Professional Education

  • Doctor of Philosophy, University of Chicago (2021)
  • Master of Science, University of Chicago (2016)
  • PhD, University of Chicago, Cancer Biology (2021)
  • Master of Science, University of Chicago, Translational Research (2016)
  • Bachelor of Art, Vanderbilt University, Molecular and Cellular Biology Economics (2013)

Stanford Advisors

Lab Affiliations

All Publications

  • BET inhibitors enhance embryonic and fetal globin expression in erythroleukemia cell lines HAEMATOLOGICA Cao, J. Z., Bigelow, K., Wickrema, A., Godley, L. A. 2021; 106 (12): 3223-3227

    View details for DOI 10.3324/haematol.2021.278791

    View details for Web of Science ID 000732456400027

    View details for PubMedID 34435481

    View details for PubMedCentralID PMC8634195

  • RBL2 bi-allelic truncating variants cause severe motor and cognitive impairment without evidence for abnormalities in DNA methylation or telomeric function JOURNAL OF HUMAN GENETICS Samra, N., Toubiana, S., Yttervik, H., Tzur-Gilat, A., Morani, I., Itzkovich, C., Giladi, L., Abu Jabal, K., Cao, J. Z., Godley, L. A., Mory, A., Baris Feldman, H., Tveten, K., Selig, S., Weiss, K. 2021; 66 (11): 1101-1112


    RBL2/p130, a member of the retinoblastoma family of proteins, is a key regulator of cell division and propagates irreversible senescence. RBL2/p130 is also involved in neuronal differentiation and survival, and eliminating Rbl2 in certain mouse strains leads to embryonic lethality accompanied by an abnormal central nervous system (CNS) phenotype. Conflicting reports exist regarding a role of RBL2/p130 in transcriptional regulation of DNA methyltransferases (DNMTs), as well as the control of telomere length. Here we describe the phenotype of three patients carrying bi-allelic RBL2-truncating variants. All presented with infantile hypotonia, severe developmental delay and microcephaly. Malignancies were not reported in carriers or patients. Previous studies carried out on mice and human cultured cells, associated RBL2 loss to DNA methylation and telomere length dysregulation. Here, we investigated whether patient cells lacking RBL2 display related abnormalities. The study of primary patient fibroblasts did not detect abnormalities in expression of DNMTs. Furthermore, methylation levels of whole genome DNA, and specifically of pericentromeric repeats and subtelomeric regions, were unperturbed. RBL2-null fibroblasts show no evidence for abnormal elongation by telomeric recombination. Finally, gradual telomere shortening, and normal onset of senescence were observed following continuous culturing of RBL2-mutated fibroblasts. Thus, this study resolves uncertainties regarding a potential non-redundant role for RBL2 in DNA methylation and telomere length regulation, and indicates that loss of function variants in RBL2 cause a severe autosomal recessive neurodevelopmental disorder in humans.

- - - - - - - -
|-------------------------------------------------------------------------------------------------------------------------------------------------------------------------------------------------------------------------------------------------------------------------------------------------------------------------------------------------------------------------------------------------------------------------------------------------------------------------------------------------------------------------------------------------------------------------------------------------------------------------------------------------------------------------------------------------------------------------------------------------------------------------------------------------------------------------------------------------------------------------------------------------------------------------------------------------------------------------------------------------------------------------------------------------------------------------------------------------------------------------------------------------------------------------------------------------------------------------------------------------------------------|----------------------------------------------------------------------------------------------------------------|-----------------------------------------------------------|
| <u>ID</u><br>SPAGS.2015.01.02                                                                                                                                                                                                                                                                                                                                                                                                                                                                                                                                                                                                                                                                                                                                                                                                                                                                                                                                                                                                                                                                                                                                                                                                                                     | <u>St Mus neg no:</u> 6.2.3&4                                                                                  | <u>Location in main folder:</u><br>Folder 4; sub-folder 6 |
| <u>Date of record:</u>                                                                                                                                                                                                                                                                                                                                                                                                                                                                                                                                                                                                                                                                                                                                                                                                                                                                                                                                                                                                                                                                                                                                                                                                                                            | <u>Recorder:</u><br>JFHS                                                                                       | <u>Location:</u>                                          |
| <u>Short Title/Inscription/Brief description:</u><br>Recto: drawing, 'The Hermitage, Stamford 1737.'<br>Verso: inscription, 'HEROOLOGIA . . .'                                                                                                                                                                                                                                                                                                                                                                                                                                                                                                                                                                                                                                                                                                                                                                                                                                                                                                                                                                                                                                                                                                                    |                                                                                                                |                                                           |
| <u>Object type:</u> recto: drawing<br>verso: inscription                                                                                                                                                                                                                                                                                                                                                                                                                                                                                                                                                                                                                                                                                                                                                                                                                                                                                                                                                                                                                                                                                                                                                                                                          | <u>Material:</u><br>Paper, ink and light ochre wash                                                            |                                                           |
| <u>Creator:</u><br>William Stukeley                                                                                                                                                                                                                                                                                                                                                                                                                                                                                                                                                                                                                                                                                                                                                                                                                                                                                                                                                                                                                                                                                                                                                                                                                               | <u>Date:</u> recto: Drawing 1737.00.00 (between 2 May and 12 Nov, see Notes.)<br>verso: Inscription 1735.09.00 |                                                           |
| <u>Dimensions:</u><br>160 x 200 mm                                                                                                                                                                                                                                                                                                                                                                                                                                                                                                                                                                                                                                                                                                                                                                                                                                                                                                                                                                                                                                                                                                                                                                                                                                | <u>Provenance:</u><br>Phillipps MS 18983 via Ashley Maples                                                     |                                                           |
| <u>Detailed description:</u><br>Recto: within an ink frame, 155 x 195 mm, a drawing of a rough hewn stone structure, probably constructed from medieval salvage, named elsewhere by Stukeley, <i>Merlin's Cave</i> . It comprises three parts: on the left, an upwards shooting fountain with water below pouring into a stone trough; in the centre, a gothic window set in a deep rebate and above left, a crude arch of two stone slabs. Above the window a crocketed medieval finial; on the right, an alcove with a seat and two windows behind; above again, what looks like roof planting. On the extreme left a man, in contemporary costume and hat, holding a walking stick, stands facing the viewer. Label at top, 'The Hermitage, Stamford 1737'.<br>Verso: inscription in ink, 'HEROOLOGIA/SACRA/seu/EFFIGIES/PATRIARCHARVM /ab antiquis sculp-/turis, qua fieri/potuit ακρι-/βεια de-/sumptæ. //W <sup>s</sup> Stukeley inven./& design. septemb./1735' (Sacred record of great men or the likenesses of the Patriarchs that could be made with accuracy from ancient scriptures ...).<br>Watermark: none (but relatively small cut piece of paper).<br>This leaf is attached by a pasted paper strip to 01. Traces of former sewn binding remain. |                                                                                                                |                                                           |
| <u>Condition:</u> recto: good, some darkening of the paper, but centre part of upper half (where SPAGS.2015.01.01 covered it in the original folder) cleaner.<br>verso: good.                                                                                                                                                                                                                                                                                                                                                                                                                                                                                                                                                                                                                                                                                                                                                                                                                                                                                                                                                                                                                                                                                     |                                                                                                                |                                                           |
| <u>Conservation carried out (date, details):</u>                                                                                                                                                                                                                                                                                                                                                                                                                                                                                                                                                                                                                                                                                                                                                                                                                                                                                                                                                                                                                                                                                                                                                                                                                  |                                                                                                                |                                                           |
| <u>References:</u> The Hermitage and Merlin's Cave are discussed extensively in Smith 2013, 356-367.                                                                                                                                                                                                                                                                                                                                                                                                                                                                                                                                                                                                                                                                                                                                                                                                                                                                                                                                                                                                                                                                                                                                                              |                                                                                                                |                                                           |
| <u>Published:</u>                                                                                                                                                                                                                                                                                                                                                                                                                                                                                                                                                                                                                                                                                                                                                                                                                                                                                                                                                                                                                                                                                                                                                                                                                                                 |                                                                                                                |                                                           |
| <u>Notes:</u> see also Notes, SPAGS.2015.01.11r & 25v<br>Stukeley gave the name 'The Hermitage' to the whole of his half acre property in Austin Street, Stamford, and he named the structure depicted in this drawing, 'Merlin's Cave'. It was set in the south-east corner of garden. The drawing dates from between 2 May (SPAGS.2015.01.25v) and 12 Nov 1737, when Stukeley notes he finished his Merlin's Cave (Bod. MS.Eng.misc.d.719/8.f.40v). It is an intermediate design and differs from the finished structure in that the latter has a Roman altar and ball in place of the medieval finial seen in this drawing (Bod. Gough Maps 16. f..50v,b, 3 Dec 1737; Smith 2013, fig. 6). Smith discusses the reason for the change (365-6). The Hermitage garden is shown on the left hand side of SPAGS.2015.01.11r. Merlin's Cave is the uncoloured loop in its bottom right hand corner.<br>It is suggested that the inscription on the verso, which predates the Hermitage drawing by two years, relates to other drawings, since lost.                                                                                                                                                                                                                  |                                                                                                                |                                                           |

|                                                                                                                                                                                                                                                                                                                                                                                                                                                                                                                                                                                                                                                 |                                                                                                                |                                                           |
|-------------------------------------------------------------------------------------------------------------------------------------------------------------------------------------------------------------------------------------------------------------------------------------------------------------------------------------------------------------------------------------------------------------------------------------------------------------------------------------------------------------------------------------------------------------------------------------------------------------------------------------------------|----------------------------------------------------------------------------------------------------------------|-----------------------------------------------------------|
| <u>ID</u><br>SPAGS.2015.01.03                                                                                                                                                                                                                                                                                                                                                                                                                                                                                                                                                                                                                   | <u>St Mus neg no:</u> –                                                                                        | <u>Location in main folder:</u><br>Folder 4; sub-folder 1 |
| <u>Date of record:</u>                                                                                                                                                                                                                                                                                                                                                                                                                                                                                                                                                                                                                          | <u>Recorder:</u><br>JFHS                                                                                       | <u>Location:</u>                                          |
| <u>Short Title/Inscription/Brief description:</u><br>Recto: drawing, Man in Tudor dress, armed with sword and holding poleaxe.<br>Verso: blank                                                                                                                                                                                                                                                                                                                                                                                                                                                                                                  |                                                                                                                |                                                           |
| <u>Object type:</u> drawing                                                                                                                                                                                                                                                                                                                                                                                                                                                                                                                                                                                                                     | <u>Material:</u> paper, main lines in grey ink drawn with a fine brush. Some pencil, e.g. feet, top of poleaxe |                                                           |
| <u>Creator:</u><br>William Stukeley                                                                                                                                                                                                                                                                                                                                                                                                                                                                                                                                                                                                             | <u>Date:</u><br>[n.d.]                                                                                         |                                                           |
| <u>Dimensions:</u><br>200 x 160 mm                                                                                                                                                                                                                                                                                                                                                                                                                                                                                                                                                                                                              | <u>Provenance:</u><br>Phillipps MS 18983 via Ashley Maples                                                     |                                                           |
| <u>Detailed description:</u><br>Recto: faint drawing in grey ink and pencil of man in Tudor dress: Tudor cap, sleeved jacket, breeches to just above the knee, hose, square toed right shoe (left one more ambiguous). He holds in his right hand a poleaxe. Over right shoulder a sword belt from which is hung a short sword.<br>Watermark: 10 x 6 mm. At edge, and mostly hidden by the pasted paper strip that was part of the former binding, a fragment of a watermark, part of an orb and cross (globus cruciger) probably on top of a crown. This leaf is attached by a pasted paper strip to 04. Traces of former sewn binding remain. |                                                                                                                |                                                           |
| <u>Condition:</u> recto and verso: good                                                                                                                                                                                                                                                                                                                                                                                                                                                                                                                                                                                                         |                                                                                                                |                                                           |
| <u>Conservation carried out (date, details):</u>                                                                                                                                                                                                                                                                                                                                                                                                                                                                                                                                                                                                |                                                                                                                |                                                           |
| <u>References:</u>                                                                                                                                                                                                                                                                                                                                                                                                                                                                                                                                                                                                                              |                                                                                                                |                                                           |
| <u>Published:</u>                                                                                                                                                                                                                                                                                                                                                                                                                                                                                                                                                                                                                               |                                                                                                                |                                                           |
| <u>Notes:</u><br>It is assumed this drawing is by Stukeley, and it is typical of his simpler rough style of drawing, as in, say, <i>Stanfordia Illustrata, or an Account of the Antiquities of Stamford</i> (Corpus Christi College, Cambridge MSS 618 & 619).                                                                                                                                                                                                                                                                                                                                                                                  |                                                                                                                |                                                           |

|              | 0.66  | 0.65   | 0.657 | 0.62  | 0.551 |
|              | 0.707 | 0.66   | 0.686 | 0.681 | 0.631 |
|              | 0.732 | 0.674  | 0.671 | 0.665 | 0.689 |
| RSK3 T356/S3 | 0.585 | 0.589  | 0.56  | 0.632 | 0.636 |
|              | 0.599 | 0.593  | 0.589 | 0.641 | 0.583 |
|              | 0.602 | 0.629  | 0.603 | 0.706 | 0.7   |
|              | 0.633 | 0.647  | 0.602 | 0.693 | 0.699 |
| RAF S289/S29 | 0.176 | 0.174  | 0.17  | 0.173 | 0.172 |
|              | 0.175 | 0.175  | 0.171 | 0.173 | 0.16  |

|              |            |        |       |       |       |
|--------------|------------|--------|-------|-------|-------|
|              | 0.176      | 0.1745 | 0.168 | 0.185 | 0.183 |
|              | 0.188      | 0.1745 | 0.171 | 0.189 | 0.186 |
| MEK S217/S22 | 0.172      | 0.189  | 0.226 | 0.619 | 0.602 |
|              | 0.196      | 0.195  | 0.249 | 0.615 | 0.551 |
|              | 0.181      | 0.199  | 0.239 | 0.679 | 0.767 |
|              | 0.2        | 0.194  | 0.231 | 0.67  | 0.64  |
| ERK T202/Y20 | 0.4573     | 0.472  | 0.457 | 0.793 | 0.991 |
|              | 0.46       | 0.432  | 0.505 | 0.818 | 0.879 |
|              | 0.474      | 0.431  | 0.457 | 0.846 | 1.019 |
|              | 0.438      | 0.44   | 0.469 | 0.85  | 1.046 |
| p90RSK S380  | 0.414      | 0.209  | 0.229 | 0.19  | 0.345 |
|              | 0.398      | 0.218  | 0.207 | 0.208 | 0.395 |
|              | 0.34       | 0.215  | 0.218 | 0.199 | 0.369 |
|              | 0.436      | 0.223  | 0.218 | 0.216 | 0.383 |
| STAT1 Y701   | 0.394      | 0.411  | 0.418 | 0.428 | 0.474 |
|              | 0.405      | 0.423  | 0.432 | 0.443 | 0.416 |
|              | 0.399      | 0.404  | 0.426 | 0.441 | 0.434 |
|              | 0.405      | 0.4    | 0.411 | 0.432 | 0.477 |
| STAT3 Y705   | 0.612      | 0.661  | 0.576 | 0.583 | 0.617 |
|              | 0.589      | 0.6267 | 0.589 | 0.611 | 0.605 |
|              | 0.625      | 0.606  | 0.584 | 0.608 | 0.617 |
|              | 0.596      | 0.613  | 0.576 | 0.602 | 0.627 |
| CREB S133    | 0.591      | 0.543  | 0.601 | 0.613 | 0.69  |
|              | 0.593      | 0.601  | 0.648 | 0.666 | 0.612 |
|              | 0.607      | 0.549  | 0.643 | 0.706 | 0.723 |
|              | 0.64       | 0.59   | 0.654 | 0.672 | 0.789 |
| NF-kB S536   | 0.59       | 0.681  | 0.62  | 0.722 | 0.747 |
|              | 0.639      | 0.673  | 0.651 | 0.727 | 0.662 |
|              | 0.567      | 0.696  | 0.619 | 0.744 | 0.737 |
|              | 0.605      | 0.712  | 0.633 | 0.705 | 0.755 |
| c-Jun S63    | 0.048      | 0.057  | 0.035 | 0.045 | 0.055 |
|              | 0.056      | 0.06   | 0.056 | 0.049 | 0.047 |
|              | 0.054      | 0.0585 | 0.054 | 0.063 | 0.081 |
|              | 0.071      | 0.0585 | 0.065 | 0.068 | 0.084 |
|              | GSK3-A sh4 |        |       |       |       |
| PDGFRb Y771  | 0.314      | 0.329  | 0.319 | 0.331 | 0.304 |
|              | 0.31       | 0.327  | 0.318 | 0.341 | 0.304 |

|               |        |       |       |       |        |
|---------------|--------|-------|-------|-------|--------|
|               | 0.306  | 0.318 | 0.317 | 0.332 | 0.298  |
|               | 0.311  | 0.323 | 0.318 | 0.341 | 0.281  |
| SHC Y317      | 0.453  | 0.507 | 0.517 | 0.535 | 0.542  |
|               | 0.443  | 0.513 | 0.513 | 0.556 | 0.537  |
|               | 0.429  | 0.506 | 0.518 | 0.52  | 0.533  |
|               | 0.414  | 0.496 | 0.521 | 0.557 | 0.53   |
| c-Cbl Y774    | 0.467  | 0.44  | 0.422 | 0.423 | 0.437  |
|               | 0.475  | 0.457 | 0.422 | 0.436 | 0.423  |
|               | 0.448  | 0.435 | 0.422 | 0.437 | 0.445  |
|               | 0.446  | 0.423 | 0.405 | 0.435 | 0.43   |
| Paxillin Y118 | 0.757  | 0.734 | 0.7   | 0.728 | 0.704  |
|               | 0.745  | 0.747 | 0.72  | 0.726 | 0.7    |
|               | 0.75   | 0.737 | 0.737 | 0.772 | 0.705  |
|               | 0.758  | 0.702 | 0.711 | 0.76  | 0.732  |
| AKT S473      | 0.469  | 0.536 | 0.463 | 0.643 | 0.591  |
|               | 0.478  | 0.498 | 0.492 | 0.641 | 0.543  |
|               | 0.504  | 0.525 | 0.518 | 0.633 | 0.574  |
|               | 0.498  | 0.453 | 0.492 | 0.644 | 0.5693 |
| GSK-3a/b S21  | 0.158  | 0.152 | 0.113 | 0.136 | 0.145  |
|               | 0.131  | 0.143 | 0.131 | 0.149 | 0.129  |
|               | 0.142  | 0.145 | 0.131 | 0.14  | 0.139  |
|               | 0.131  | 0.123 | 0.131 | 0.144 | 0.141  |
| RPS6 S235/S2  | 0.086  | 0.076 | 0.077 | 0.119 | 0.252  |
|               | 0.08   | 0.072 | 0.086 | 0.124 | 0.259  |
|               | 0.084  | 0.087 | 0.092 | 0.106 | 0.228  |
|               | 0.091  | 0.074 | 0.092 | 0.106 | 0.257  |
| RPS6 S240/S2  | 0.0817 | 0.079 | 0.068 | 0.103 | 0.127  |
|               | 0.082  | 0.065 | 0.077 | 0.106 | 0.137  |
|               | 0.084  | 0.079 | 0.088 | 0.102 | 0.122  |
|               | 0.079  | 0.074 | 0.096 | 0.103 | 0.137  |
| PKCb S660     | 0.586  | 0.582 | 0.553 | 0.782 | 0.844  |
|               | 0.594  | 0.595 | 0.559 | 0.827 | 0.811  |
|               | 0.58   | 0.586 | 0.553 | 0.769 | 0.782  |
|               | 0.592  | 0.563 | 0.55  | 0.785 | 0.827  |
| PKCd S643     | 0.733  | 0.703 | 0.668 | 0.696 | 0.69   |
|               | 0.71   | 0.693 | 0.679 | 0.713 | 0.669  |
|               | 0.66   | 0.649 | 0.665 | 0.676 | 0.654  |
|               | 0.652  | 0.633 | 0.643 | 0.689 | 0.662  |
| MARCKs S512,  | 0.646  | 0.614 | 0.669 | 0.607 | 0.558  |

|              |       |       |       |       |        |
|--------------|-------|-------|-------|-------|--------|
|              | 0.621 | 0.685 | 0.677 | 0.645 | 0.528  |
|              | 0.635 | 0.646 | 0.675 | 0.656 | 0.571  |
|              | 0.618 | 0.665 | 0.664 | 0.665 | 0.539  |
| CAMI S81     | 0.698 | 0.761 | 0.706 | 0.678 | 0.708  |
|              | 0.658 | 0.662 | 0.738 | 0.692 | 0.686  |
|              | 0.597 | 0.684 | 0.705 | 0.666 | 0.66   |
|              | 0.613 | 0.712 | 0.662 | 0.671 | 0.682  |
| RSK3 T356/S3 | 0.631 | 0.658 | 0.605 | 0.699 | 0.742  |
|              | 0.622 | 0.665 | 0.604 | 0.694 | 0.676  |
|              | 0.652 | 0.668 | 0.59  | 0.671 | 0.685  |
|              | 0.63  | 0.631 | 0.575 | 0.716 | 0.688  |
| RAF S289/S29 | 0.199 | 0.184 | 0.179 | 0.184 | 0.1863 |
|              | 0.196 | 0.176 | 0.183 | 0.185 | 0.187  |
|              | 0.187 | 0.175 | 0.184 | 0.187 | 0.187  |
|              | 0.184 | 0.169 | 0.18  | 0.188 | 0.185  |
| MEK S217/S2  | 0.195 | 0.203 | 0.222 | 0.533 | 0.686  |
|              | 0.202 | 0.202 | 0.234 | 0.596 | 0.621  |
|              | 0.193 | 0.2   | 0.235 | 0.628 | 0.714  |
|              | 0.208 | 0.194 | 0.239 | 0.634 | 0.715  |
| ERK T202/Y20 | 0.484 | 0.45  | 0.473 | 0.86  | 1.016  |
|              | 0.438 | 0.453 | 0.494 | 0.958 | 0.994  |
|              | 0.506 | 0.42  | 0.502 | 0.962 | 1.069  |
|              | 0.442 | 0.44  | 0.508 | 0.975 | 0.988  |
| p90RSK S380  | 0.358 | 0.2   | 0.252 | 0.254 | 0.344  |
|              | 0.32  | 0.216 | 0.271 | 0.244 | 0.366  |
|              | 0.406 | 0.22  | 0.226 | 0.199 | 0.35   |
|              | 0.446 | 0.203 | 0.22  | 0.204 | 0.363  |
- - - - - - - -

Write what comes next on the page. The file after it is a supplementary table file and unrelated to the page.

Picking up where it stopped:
View details for DOI 10.1038/s10038-021-00931-z

    View details for Web of Science ID 000650066100001

    View details for PubMedID 33980986

  • HIF-1 directly induces TET3 expression to enhance 5-hmC density and induce erythroid gene expression in hypoxia BLOOD ADVANCES Cao, J. Z., Liu, H., Wickrema, A., Godley, L. A. 2020; 4 (13): 3053-3062


    In mammalian cells, cytosines found within cytosine guanine dinucleotides can be methylated to 5-methylcytosine (5-mC) by DNA methyltransferases and further oxidized by the Ten-eleven translocation dioxygenase (TET) enzymes to 5-hydroxymethylcytosine (5-hmC). We have previously shown that hematopoietic stem and progenitor cells (HSPCs) with TET2 mutations have aberrant 5-hmC distribution and less erythroid differentiation potential. However, these experiments were performed under standard tissue culture conditions with 21% oxygen (O2), whereas HSPCs in human bone marrow reside in ∼1% O2. Therefore, to model human erythropoiesis more accurately, we compared 5-hmC distribution and gene expression in hypoxic vs normoxic conditions. Despite TET enzymes having limited O2 as a substrate in hypoxia, 5-hmC peaks were more numerous and pronounced than in normoxia. Among the TET genes, TET3 was upregulated specifically in hypoxia. We identified 2 HIF-1 binding sites in TET3 by chromatin immunoprecipitation of HIF-1α followed by sequencing, and TET3 upregulation was abrogated with deletion of both sites, indicating that TET3 is a direct HIF-1 target. Finally, we showed that loss of one or both of these HIF-1 binding sites in K562 cells disrupted erythroid differentiation in hypoxia and lowered cell viability. This work provides a molecular link between O2 availability, epigenetic modification of chromatin, and erythroid differentiation.